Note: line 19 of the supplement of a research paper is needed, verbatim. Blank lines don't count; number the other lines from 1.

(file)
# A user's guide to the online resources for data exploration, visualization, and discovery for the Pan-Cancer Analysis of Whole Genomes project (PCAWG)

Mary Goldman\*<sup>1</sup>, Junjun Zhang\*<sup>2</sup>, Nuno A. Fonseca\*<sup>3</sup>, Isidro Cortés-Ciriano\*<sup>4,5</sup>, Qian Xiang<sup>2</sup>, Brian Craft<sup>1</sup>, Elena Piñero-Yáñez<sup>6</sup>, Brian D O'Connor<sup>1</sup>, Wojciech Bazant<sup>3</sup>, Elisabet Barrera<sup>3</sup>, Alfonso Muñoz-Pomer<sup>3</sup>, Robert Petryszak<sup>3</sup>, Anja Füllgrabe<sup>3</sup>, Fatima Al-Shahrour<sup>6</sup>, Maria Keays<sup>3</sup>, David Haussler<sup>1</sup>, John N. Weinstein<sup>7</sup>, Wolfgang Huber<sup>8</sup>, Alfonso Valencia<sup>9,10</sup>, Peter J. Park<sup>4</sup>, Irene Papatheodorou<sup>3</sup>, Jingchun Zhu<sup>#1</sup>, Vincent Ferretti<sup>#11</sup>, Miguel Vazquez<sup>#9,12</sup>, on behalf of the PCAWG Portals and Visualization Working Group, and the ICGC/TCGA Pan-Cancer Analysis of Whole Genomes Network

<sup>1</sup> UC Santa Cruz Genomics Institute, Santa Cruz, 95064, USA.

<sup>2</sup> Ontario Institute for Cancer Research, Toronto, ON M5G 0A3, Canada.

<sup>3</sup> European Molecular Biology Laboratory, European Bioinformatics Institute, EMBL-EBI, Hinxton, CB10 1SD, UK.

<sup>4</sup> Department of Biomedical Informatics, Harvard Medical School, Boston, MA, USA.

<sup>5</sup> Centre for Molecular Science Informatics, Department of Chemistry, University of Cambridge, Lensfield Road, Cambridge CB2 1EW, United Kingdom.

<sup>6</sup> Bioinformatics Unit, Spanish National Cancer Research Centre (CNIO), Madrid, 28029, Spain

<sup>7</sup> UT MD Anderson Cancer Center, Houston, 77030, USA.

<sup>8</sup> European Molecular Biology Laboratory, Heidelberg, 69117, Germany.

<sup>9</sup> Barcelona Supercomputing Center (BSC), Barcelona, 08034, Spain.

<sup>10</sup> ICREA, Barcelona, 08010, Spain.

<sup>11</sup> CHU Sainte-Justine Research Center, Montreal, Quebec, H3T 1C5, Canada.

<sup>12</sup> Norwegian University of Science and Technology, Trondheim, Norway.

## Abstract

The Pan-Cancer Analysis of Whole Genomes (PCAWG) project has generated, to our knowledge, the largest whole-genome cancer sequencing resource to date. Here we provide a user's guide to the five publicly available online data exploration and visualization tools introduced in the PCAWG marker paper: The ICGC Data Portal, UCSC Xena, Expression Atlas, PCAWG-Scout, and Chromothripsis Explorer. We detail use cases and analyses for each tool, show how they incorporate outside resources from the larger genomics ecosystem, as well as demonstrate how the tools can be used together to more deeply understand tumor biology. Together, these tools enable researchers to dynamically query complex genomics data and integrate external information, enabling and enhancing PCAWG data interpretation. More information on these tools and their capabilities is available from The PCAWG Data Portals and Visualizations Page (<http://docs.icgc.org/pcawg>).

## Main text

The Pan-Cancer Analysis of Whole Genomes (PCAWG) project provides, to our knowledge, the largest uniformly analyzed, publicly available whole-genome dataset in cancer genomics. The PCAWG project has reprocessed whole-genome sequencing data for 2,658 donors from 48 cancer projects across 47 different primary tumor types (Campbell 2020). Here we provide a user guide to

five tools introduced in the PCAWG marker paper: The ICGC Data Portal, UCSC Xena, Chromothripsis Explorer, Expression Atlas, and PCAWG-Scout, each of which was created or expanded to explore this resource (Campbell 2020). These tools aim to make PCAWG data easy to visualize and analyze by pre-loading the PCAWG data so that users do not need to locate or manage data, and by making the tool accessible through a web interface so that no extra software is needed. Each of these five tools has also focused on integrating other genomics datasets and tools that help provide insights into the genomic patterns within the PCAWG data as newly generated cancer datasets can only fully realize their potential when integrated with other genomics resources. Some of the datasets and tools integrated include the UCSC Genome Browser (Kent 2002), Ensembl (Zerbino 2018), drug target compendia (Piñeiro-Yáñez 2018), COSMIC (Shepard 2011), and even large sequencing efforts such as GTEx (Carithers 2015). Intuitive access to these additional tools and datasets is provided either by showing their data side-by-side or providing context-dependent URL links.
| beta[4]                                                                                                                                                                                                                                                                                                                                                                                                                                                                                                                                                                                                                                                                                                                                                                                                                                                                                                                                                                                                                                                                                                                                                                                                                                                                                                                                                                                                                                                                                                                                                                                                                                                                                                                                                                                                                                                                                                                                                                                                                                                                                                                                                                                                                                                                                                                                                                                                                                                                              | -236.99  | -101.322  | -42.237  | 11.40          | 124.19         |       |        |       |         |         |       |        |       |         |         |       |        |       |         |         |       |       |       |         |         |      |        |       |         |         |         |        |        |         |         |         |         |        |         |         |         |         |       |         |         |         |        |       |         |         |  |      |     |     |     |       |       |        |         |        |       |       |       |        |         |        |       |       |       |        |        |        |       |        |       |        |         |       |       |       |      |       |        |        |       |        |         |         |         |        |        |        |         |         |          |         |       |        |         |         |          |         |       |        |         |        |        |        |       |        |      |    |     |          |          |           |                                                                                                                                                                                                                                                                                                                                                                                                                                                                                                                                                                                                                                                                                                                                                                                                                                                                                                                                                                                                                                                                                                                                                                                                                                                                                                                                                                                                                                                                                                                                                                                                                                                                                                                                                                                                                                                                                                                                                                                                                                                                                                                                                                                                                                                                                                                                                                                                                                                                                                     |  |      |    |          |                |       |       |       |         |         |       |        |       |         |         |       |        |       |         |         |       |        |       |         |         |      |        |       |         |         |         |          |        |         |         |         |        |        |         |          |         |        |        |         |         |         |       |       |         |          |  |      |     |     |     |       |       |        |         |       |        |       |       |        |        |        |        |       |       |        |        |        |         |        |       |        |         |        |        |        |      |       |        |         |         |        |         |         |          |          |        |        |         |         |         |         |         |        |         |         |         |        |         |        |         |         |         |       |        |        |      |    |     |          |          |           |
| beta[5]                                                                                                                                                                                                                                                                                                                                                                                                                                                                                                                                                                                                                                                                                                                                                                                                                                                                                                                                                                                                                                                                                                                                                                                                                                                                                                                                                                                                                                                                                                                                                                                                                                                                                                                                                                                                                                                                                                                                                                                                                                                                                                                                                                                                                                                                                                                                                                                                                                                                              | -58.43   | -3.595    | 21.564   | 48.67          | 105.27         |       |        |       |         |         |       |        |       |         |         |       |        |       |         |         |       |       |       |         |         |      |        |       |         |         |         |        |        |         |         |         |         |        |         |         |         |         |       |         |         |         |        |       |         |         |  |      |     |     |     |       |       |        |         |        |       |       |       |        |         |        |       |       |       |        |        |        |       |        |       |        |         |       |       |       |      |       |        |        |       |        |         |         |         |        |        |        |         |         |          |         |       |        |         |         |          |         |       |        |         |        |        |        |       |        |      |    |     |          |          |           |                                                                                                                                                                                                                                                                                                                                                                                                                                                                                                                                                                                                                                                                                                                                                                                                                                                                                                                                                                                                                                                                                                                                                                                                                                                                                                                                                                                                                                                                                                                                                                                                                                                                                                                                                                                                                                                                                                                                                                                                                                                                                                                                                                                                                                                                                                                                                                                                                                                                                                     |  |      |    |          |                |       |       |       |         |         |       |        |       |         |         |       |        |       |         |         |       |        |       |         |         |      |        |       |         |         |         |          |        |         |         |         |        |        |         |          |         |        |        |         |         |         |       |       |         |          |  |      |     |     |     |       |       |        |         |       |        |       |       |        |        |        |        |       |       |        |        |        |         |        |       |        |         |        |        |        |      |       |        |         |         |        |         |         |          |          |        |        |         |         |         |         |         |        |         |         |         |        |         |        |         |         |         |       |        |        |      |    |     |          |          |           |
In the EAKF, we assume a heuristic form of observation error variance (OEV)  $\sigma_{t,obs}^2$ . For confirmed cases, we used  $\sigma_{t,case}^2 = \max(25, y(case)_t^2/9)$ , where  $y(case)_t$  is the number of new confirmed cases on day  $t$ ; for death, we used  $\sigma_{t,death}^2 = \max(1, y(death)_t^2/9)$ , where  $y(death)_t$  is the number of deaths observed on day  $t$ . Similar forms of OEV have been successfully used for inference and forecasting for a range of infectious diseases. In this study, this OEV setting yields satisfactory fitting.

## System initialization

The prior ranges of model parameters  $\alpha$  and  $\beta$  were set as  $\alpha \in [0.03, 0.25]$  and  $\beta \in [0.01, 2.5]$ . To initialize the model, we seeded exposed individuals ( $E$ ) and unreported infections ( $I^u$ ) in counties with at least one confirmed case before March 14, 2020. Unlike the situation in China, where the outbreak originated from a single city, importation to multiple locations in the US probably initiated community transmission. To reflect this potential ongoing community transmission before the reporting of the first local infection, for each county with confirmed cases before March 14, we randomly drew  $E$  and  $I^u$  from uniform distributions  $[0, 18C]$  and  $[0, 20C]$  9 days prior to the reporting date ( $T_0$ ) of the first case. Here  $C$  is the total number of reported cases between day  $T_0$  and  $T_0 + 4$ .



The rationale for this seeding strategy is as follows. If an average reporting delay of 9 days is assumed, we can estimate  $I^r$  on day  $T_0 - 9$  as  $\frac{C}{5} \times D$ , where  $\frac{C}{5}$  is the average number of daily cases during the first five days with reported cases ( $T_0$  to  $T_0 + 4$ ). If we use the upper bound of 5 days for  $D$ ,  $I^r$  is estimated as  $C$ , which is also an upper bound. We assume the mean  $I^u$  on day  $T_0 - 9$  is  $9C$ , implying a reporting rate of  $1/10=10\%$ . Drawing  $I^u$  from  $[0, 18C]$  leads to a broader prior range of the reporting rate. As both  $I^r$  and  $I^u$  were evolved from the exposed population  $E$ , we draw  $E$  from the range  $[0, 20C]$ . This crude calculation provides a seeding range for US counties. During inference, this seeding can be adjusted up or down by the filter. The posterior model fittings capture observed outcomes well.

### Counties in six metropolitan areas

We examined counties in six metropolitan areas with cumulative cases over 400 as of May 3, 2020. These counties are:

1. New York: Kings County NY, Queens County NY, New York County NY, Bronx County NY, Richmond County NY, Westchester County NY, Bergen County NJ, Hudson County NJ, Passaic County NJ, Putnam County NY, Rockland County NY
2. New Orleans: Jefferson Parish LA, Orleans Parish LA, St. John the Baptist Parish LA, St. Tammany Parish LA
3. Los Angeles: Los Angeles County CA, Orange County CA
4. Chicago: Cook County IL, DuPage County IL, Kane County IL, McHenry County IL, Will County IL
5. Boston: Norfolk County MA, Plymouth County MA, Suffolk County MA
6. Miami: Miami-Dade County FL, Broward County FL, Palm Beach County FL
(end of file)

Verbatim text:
five tools introduced in the PCAWG marker paper: The ICGC Data Portal, UCSC Xena, Chromothripsis Explorer, Expression Atlas, and PCAWG-Scout, each of which was created or expanded to explore this resource (Campbell 2020). These tools aim to make PCAWG data easy to visualize and analyze by pre-loading the PCAWG data so that users do not need to locate or manage data, and by making the tool accessible through a web interface so that no extra software is needed. Each of these five tools has also focused on integrating other genomics datasets and tools that help provide insights into the genomic patterns within the PCAWG data as newly generated cancer datasets can only fully realize their potential when integrated with other genomics resources. Some of the datasets and tools integrated include the UCSC Genome Browser (Kent 2002), Ensembl (Zerbino 2018), drug target compendia (Piñeiro-Yáñez 2018), COSMIC (Shepard 2011), and even large sequencing efforts such as GTEx (Carithers 2015). Intuitive access to these additional tools and datasets is provided either by showing their data side-by-side or providing context-dependent URL links.